Following the collapse of the Contract in November 1610, Bacon summed up the dejected mood of the Commons, in a speech which seems to have been widely reported. On 16 Nov. he complained that the monopoly for licensing wines had been allowed to continue during the lifetime of the lord admiral (Charles Howard†) and his son, despite James’s promise to cancel it, ‘by which time that may be forgotten and a new grant made’. Bacon also grumbled that no decision had been reached regarding the fate of the patent for the New Draperies, a particular concern in Norfolk where cloth-making was a major industry. Even if it were to be revoked, he added, ‘it is said that it will be upon the point of mis-pledging, so that there shall be no judgment for the right of the subject’. He was disappointed that during the Contract negotiations with the Lords there had been no discussion of ‘matters ecclesiastical, [the use of] proclamations, or such like’, but only of problems he considered less urgent. Lastly, he bemoaned the generosity of Parliament, arguing that multiple subsidies had never been granted before by a single Parliament, a precedent which should only have been broken for an ‘extraordinary cause’.102 That afternoon Bacon and his brother Sir Francis were among 30 Members summoned to attend the king at Whitehall. James had evidently been informed of the contents of Nathaniel’s speech, for he singled him out and demanded to know ‘whether they think it fit to relieve him?’103 Nathaniel replied that since ‘contribution depended upon retribution, supply upon support’, the ‘time was unseasonable’ for further taxation.104 Sir Francis, presumably horrified at his brother’s blunt response ‘began to speak in a more extravagant style’, but James cut him short.105 The unofficial audience of the ‘thirty doges’, as James later termed them, was deeply resented by the Commons, and on 21 Nov. William Hakewill argued that it set a dangerous precedent; however, calls for those involved to be reprimanded ultimately came to nothing.106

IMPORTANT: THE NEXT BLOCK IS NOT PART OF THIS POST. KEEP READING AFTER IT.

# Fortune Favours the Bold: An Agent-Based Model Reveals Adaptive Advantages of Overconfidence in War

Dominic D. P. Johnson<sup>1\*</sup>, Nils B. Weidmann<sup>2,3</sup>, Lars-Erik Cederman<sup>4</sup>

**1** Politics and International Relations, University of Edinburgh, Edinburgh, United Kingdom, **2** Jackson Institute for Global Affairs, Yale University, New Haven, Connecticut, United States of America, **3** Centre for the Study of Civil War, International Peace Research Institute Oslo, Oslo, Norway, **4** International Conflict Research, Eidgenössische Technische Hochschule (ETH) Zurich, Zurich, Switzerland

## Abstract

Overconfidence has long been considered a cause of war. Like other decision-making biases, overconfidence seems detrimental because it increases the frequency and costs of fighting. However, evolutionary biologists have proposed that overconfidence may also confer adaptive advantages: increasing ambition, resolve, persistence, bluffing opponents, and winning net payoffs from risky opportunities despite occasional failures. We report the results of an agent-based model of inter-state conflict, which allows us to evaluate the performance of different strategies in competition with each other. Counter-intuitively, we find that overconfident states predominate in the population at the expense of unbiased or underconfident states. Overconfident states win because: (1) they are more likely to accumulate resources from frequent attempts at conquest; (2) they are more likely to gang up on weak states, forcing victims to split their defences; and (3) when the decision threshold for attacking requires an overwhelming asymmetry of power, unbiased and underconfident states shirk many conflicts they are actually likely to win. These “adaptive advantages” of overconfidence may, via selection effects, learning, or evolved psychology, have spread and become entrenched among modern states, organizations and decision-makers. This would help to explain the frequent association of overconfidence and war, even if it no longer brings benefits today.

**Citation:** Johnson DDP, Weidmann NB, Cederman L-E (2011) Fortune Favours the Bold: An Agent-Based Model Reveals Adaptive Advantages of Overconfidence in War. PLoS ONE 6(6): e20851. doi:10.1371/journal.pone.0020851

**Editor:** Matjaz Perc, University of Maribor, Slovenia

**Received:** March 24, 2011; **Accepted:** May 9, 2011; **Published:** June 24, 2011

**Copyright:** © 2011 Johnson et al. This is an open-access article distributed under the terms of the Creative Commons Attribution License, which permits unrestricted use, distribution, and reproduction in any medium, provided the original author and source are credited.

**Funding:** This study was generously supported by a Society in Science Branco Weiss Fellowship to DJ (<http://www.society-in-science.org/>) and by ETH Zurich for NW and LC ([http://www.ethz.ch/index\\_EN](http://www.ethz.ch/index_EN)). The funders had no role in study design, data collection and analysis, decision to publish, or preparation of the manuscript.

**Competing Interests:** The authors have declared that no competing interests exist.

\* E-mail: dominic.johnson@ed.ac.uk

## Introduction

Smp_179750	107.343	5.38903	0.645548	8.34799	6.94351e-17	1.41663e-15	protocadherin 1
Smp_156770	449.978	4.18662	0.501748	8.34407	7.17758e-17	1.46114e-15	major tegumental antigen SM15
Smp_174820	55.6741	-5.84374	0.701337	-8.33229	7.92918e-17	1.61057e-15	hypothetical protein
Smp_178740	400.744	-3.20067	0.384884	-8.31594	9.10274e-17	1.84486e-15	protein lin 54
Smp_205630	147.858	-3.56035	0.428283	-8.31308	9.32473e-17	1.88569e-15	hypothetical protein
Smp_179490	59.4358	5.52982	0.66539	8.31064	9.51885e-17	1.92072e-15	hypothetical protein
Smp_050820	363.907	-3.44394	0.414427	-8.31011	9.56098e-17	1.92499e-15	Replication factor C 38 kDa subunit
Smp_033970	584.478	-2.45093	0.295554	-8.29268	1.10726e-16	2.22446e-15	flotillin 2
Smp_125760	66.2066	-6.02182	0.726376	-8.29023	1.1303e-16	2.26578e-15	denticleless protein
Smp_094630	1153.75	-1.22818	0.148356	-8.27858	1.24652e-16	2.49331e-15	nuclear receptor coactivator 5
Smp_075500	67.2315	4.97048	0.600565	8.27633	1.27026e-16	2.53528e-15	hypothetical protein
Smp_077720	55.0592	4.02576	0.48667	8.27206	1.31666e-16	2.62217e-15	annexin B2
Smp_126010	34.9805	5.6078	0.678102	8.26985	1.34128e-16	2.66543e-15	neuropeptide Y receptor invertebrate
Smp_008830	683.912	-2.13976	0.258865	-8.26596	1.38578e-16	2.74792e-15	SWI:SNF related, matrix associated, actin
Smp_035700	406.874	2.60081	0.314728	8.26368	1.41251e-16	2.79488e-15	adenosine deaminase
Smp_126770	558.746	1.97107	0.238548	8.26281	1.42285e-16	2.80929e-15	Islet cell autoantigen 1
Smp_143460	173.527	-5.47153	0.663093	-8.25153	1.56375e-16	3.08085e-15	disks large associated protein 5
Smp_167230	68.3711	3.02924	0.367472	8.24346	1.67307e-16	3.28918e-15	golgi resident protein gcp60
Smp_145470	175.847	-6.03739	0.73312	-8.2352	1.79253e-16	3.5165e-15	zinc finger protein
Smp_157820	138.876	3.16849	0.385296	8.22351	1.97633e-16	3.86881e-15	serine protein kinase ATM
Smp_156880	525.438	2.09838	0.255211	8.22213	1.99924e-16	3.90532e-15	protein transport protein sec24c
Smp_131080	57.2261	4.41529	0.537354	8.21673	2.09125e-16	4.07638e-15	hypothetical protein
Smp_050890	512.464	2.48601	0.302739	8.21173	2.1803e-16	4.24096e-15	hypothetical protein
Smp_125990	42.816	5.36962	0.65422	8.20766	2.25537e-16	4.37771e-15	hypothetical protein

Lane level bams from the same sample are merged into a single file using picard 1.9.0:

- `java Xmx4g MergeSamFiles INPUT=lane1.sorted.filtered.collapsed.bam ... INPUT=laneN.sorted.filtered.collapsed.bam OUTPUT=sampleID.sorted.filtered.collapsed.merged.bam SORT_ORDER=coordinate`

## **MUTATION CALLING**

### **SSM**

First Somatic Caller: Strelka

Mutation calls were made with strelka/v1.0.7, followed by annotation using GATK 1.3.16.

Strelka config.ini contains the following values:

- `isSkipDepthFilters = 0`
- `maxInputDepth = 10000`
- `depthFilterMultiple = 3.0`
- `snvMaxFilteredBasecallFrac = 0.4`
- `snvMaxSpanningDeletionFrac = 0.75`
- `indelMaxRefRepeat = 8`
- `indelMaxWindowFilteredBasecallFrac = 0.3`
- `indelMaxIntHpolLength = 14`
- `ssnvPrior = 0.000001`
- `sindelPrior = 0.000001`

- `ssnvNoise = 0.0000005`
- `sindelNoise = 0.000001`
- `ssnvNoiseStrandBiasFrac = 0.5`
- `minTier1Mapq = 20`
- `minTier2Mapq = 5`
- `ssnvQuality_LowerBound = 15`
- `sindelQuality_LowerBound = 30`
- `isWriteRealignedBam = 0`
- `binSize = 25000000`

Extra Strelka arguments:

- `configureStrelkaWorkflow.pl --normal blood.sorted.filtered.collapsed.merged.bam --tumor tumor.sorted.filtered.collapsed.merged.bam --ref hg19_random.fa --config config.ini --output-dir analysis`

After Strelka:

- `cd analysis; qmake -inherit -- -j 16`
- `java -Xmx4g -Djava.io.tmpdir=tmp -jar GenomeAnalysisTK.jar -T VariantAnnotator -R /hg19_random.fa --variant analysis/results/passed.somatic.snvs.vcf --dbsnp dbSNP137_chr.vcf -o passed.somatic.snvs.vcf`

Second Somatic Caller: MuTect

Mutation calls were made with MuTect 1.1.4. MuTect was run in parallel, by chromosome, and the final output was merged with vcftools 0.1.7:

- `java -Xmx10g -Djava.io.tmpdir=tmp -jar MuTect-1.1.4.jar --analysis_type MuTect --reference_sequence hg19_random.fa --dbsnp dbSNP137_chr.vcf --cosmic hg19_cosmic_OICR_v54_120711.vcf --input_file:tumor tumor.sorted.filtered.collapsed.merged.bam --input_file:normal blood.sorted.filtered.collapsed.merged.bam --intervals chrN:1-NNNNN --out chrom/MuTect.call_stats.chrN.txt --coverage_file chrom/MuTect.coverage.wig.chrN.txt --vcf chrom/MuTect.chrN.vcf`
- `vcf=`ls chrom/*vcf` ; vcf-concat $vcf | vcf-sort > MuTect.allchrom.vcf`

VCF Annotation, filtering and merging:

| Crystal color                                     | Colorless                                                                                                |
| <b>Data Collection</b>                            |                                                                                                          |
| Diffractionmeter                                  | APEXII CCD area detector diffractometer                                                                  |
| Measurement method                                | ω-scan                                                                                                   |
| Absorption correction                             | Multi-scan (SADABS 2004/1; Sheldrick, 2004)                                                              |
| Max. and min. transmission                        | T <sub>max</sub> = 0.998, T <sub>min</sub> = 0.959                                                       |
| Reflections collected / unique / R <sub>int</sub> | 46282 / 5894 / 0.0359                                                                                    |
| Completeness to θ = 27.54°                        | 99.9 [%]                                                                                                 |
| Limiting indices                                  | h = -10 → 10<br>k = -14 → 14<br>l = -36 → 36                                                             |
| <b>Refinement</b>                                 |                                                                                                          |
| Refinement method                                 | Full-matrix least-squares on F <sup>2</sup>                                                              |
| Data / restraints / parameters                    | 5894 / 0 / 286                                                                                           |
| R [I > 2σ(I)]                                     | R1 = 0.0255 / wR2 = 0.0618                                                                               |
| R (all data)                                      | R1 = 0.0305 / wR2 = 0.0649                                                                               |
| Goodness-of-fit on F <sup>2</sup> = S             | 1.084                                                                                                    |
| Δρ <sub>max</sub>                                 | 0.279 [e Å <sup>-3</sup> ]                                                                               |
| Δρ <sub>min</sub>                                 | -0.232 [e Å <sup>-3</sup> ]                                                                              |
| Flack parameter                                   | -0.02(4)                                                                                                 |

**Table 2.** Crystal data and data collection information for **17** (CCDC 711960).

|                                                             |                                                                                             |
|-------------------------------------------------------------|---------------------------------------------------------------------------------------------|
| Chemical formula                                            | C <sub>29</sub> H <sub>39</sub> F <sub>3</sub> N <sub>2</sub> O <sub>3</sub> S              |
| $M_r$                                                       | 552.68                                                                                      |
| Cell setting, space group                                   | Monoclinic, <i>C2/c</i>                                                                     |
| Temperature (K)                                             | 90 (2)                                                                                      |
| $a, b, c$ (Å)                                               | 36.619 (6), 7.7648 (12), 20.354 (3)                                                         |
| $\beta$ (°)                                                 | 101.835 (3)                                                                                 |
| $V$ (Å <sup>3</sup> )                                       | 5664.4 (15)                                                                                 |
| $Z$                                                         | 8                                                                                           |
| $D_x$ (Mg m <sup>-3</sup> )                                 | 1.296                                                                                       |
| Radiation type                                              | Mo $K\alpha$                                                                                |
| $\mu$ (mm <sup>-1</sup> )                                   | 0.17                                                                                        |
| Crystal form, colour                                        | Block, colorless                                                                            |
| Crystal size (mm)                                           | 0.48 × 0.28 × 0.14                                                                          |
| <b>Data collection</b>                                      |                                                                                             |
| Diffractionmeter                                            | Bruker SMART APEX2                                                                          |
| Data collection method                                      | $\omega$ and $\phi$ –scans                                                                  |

In the years immediately following the Parliament’s dissolution, Bacon became preoccupied with litigation. After much hesitation he initiated proceedings against his friend Sir Thomas Knyvett over their children’s marriage settlement of 1592, which should have seen him receive lands worth £300 a year from the estate of Sir Thomas Parry*, Knyvett’s father-in-law.107 Chancery finally resolved that Knyvett should make up the jointure out of his own lands.108 In the meantime Bacon launched suits in Star Chamber against a neighbour for fishing on his property at Stiffkey,109 and in Chancery against his tenants at Langham.110 He also undertook litigation on behalf of his stepson Owen Smith, concerning the latter’s property in Suffolk, much of which Bacon had leased out.111 In these wrangles he sought the advice of his brother Sir Francis, and of several eminent lawyers whom he counted as friends, including Sir Edward Coke*, and Sir Julius Caesar*.112